Dodgy Saints













There hasn’t been a lot worth watching on these cold autumn evenings, but last night we took a chance on Saint Vincent, a fresh  iTunes download and it was really quite good for a Friday evening.

I often can’t be bothered mentally engaging with a complex storyline at the end of the week so this movie fitted just fine. In it Bill Murray plays the role of a grumpy old single man who spends his days drinking, smoking, gambling, living off his reverse mortgage, while avoiding those who he owes money to and hanging out with a pregnant Russian prostitute. As the movie begins he’s a completely unlikeable character, but you don’t find yourself asking ‘why’? You just find him cantankerous and fairly obnoxious.

His new neighbour is a single mum with a young boy who starts a new school, gets bullied and ends up in Vincent’s home on his first day where he is ‘cared for’ until his mother gets back from work. Because she’s desperate, Vincent ends up becoming her son, Oliver’s paid day care provider while she works late to make ends meet.

So Vincent’s method of babysitting involves taking Oliver around on his daily activities – the pub, the track and various other haunts that probably wouldn’t warm his mother’s heart. While the story follows the softening of Vincent’s heart towards Oliver and the quirky relationship that forms, the ‘punchline’ is in the assignment Oliver does for his religious education class on a ‘real living saint’.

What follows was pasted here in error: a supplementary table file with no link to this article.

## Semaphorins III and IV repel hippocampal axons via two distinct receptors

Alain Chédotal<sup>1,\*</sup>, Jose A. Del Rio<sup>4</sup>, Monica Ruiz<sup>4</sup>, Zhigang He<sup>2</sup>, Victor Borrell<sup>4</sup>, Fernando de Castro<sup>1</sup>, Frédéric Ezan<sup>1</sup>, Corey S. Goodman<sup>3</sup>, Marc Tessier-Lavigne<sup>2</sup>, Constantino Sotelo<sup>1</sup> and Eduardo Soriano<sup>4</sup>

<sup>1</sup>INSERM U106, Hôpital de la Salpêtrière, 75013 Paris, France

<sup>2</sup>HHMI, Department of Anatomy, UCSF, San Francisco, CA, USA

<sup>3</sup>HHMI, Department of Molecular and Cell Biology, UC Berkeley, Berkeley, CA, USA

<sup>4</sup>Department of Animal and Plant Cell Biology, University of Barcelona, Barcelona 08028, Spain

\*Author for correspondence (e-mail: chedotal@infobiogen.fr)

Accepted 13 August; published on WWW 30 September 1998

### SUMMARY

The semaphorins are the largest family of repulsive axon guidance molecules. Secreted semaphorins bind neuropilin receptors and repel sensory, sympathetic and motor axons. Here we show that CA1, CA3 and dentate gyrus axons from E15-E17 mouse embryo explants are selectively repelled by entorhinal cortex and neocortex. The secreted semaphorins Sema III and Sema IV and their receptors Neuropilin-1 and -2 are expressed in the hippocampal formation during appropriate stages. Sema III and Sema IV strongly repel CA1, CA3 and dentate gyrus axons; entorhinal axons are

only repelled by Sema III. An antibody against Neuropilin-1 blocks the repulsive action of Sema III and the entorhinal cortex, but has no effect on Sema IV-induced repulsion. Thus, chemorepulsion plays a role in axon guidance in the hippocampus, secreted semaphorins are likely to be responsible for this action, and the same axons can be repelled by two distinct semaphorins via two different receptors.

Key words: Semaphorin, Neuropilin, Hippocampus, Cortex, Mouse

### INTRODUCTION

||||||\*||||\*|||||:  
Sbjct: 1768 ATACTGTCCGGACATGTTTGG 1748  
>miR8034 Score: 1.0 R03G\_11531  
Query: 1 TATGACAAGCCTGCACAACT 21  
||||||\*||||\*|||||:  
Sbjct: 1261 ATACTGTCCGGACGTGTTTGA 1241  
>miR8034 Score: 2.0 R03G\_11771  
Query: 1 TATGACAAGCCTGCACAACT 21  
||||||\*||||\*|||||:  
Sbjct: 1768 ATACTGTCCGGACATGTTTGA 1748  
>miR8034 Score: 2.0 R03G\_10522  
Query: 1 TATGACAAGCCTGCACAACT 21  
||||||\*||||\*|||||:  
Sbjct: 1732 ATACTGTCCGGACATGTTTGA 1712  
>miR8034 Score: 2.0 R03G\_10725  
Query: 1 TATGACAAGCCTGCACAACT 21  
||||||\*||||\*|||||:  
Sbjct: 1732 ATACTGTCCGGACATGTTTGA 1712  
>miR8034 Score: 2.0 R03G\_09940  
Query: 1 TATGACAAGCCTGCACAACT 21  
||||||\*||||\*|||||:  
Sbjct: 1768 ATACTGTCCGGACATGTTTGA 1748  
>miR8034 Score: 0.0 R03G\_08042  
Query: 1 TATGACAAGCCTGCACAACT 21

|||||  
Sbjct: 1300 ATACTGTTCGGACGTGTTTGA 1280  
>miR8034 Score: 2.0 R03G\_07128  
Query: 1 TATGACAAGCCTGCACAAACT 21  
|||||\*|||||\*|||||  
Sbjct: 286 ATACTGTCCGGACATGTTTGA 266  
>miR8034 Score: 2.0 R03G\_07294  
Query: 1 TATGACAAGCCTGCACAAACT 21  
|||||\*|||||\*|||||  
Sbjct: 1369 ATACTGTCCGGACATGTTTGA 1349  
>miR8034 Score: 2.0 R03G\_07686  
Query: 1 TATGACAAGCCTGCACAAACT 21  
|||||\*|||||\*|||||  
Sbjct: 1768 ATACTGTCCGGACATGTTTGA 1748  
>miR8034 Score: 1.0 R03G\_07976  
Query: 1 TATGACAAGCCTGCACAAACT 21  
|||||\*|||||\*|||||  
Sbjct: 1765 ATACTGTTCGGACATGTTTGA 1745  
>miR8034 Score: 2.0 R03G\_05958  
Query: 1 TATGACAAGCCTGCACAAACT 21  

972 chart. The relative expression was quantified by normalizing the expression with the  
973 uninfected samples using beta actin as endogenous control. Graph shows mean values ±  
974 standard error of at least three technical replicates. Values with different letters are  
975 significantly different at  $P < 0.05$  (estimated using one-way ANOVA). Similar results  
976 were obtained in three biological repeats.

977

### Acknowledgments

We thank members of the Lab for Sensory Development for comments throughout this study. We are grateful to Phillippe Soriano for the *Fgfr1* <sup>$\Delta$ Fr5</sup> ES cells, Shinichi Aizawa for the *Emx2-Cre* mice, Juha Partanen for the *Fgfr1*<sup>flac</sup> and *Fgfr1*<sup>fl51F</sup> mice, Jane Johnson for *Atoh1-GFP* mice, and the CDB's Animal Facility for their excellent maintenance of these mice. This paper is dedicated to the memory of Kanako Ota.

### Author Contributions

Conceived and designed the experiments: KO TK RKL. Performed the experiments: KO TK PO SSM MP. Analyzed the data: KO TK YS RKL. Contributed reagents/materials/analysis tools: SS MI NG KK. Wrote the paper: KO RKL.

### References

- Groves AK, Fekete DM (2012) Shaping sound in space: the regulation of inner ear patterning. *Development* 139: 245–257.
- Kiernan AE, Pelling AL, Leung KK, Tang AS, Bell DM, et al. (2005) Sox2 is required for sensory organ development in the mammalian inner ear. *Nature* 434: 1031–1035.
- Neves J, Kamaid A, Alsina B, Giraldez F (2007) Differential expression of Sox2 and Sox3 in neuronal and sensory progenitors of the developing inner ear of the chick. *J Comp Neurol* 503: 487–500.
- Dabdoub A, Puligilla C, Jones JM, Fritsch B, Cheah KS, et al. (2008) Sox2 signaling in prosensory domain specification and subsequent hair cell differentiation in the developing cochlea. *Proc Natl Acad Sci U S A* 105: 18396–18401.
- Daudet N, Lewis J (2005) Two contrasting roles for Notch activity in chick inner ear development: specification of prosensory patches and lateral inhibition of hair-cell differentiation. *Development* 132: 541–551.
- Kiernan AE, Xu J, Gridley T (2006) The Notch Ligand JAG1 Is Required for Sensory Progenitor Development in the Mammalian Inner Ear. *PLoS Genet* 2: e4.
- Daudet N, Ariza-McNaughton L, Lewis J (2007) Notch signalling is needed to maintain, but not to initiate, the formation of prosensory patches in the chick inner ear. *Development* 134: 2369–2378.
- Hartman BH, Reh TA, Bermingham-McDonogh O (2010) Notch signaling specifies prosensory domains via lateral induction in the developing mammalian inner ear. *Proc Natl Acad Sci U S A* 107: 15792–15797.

While other kids are choosing the Mother Theresa types, Oliver picks Vincent and begins to research his life, discovering that beneath the offensive and unattractive veneer there is a man who does good, who helps others and who may even be considered a ‘saint’. (I’m not talking ‘biblical’ definitions here so don’t get all theological on me) You’ll have to watch the movie to get the whole gist of it, but for this framing of ‘sainthood’ it gets a tick from me.

Vincent makes sainthood attainable and shows that in all of us there is the image of God pushing out somewhere, making none of us either all good or all bad. Vincent presents as a loser – as an unattractive and unpleasant man with no redeeming qualities, but Oliver is able to see the good in him – able to see the light in the darkness that is so much of Vincent’s life. And in seeing the light he speaks to it and calls it out further.

You wouldn’t want to read too much into a Friday night movie, (because it is pretty lite for the most part) but the clear message from this one is that we need to be able to think differently about goodness and the way we type people as ‘good’ or ‘bad’.

Vincent is like most of us – a mix of admirable qualities and some that are really quite disturbing. I often say ‘we are all broken – some of us are just more visibly broken than others.’ The fact that you can’t see my brokenness as obviously as Vincent’s doesn’t mean its any less there – its just that mine is generally more sociably acceptable.

So if you find syrupy saints a bit too saccharine for your liking, then maybe Vincent will be more to your taste…

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